Content is king. “Long live the king,” hath proclaimed the content providers.
Yet, is it? From a satellite carrier perspective, this is an important question. If content is king, then it will always rule. Always. That’s what happens when you are king. No one takes you off the air at will. No one makes an exclusive contract leaving you out. Because content is king. Yet, when you are the system who carries the content, it is useful to know where you stand in the kingdom.
Let’s take the recent Time Warner-Disney scuffle, which found two U.S. heavyweights (the former the carrier, the latter the content) in conflict. When talks broke down, Time Warner, with the cable pipe into the home, put the following on screens in the affected cable TV districts, “Disney has taken ABC away from you.”
The story was obviously more complicated than that. The negotiations that stalled were all about how Time Warner was willing to compensate Disney for carrying Disney’s content — ABC TV stations — on its access or distribution system, the cable into the home.
Disney’s content was king? Clearly not. Of course, these types of disagreements aren’t new. It is certain that News Corp. hasn’t forgotten its year-long war to get Fox News Channel carried by Time Warner.
And might contractual disputes be common in the future, affecting all access systems including satellite systems such as DirecTV, Echostar and BSkyB, leading to a discontinuation of content?
The rule, “Content is king,” somehow doesn’t seem to work.
Enter Ingley’s Rule. Access systems and content are royalty but it is the consumer who bestows the crowns. Under certain conditions, access is king and content queen. Under different conditions, content is king and access is queen.
Ultimately, the consumer decides.
But that consumer may be limited in choices — because there is another very important criteria for who gets the crown of king: open access.
Open access means that anyone can negotiate to be carried by the distribution system, be it satellite, cable or DSL.
Right now AT&T Broadband cable systems only carry Excite@Home with the company saying that it will open its cables to other ISPs once its contract expires in 2002. That means that systems — other than Excite@Home — are left out in the cold by an access company.
That’s from the company viewpoint. Now let’s take a look at some current scenarios from a consumer viewpoint to see how access systems and content are working in the marketplace and then look at how this may evolve in the future.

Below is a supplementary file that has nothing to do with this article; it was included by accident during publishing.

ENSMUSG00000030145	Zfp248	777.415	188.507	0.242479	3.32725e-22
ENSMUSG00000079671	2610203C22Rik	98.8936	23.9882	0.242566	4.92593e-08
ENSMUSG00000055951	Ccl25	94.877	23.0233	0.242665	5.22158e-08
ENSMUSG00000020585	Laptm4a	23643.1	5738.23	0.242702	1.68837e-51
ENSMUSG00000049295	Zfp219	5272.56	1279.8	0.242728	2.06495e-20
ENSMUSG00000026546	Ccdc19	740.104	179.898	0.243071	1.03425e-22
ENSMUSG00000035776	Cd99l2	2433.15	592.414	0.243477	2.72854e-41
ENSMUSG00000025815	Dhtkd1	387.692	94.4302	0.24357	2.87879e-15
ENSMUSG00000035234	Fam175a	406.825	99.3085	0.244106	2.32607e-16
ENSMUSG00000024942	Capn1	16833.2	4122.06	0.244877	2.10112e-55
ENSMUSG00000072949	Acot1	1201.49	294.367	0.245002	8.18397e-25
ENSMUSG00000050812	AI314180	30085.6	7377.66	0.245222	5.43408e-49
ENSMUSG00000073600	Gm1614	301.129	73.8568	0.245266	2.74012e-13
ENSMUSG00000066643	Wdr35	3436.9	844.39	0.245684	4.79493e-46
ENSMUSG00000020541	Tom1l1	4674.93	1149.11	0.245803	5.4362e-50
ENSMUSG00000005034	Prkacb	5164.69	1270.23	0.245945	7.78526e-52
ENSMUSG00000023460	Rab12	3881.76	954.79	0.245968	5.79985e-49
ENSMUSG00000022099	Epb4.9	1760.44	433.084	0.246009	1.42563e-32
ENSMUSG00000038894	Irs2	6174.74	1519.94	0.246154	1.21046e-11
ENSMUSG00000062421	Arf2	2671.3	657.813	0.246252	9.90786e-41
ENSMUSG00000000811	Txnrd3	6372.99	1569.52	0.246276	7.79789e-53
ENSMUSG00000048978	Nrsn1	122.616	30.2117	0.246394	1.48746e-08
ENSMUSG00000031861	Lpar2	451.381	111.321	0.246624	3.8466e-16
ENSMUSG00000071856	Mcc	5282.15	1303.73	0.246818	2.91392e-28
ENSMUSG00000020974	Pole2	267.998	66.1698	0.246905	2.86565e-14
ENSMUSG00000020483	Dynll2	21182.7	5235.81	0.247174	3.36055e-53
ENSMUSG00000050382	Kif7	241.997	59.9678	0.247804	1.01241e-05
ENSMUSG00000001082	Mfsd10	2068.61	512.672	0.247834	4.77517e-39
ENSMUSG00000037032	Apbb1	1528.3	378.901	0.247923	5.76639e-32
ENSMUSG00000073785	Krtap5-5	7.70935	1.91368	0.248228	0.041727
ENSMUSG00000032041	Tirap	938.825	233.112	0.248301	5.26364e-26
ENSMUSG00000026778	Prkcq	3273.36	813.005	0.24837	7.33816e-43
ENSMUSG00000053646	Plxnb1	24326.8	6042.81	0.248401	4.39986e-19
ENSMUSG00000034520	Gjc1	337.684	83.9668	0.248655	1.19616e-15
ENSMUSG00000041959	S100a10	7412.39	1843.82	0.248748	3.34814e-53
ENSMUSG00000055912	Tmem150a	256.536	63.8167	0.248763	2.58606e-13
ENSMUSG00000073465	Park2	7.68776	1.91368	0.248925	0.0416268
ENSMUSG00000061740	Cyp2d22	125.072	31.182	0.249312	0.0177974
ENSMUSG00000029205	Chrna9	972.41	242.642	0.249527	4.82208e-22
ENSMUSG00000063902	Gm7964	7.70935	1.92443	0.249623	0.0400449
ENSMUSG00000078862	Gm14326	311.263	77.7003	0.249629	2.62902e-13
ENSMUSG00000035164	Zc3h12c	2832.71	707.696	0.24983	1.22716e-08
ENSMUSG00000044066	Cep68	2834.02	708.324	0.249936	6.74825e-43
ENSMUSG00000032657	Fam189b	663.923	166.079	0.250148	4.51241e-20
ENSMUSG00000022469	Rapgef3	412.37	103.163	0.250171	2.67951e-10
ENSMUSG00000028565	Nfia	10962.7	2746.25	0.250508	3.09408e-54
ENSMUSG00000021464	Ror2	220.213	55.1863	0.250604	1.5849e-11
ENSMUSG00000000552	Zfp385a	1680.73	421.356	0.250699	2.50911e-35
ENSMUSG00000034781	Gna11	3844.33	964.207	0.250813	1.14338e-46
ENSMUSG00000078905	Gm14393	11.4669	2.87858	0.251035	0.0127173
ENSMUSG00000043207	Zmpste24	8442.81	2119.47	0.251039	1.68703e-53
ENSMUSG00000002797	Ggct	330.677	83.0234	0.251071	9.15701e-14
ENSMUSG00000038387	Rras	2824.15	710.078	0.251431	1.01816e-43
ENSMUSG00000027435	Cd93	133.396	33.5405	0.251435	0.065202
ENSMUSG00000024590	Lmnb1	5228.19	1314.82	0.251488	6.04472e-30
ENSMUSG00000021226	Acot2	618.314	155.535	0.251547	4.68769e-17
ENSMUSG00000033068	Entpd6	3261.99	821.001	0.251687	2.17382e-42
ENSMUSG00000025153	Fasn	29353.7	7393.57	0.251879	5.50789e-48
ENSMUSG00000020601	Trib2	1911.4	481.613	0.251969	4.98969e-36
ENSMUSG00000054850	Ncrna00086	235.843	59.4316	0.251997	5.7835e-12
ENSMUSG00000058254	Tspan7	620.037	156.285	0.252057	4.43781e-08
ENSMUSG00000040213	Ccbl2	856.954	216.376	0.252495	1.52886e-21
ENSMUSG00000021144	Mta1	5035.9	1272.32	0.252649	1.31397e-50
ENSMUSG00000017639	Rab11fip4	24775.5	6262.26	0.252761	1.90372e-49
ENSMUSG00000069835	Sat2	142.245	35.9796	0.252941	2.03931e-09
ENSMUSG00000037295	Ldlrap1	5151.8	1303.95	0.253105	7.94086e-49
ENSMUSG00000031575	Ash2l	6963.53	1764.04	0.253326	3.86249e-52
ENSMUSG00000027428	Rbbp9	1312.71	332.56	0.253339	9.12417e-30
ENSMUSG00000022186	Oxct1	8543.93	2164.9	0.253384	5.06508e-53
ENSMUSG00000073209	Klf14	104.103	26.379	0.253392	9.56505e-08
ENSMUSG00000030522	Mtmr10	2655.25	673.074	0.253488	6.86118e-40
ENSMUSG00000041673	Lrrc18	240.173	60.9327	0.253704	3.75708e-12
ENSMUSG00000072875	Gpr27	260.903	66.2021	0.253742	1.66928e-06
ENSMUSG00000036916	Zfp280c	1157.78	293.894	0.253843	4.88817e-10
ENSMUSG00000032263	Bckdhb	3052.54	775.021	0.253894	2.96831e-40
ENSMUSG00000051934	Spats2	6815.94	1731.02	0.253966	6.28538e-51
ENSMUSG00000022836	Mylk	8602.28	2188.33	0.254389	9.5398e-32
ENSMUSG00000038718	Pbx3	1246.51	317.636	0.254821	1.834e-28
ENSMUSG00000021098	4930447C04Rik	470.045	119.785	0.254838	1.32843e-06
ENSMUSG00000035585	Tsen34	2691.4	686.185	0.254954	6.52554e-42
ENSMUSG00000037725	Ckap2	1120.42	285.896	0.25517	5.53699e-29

Say you are a consumer who wants a broadband multimedia high speed interconnection into the home via the Internet. Satellite systems don’t give you very many choices right now so you go with a digital subscriber line or DSL, a terrestrial upgrade of your copper wire into the home.
DSL is provided by the local exchange carriers (LECs) or Baby Bells and others.
You’re excited. You’ve chosen a DSL from Bell Atlantic, the LEC in your area. Now you can use your ISP and go into sites that you’ve never visited. Then you ask how you transfer your ISP to your DSL account and you find out they don’t carry your ISP.
So you find out there is a short list of ISPs that have partnered with Bell Atlantic including its own ISP.
Okay. Let’s say you are willing to compromise and give up your ISP. You become a DSL devotee.
Now let’s say a two-way satellite service via the Internet comes along and it is priced competitively. Will you change your pipe if they have better content, perhaps that treasured ISP that you gave up?
You chose Bell Atlantic and let access be king. But you may switch to a two way satellite service because you think content is king.
Confusing? It is.
What is going on behind the scenes that might clarify the situation here?
For the access and distribution providers, it is all about revenue streams and putting together a content-service package that appeals to the consumer (and that may mean mixing and matching technologies). All the pipe carriers — DSL, cable, satellite — get revenue streams from the content that they carry. These revenue streams must be negotiated and renegotiated once the contract expires. So, in this sense, the pipe or access is king.
Yet if the access carrier loses the customer by not carrying content, then it loses its king status.
How will this shake out? What is the consumer going to be looking for in the future?
My best guess is that the future consumer wants a package of voice, video and data that also allow some flexibility in content.
That consumer also wants a package that requires the least amount of maintenance and has an easy billing system.
In the end, the consumer doesn’t care what the technology is.
Consumers want user-friendly access, compelling content and the ability to choose content in certain instances — all at the right price.
Ultimately, it is the paying consumer who rules.
Yet, it is the company that combines access with content in such a way (including price, billing and packaging) that it stays five steps ahead of the consumer that will win the broadband multimedia sweepstakes.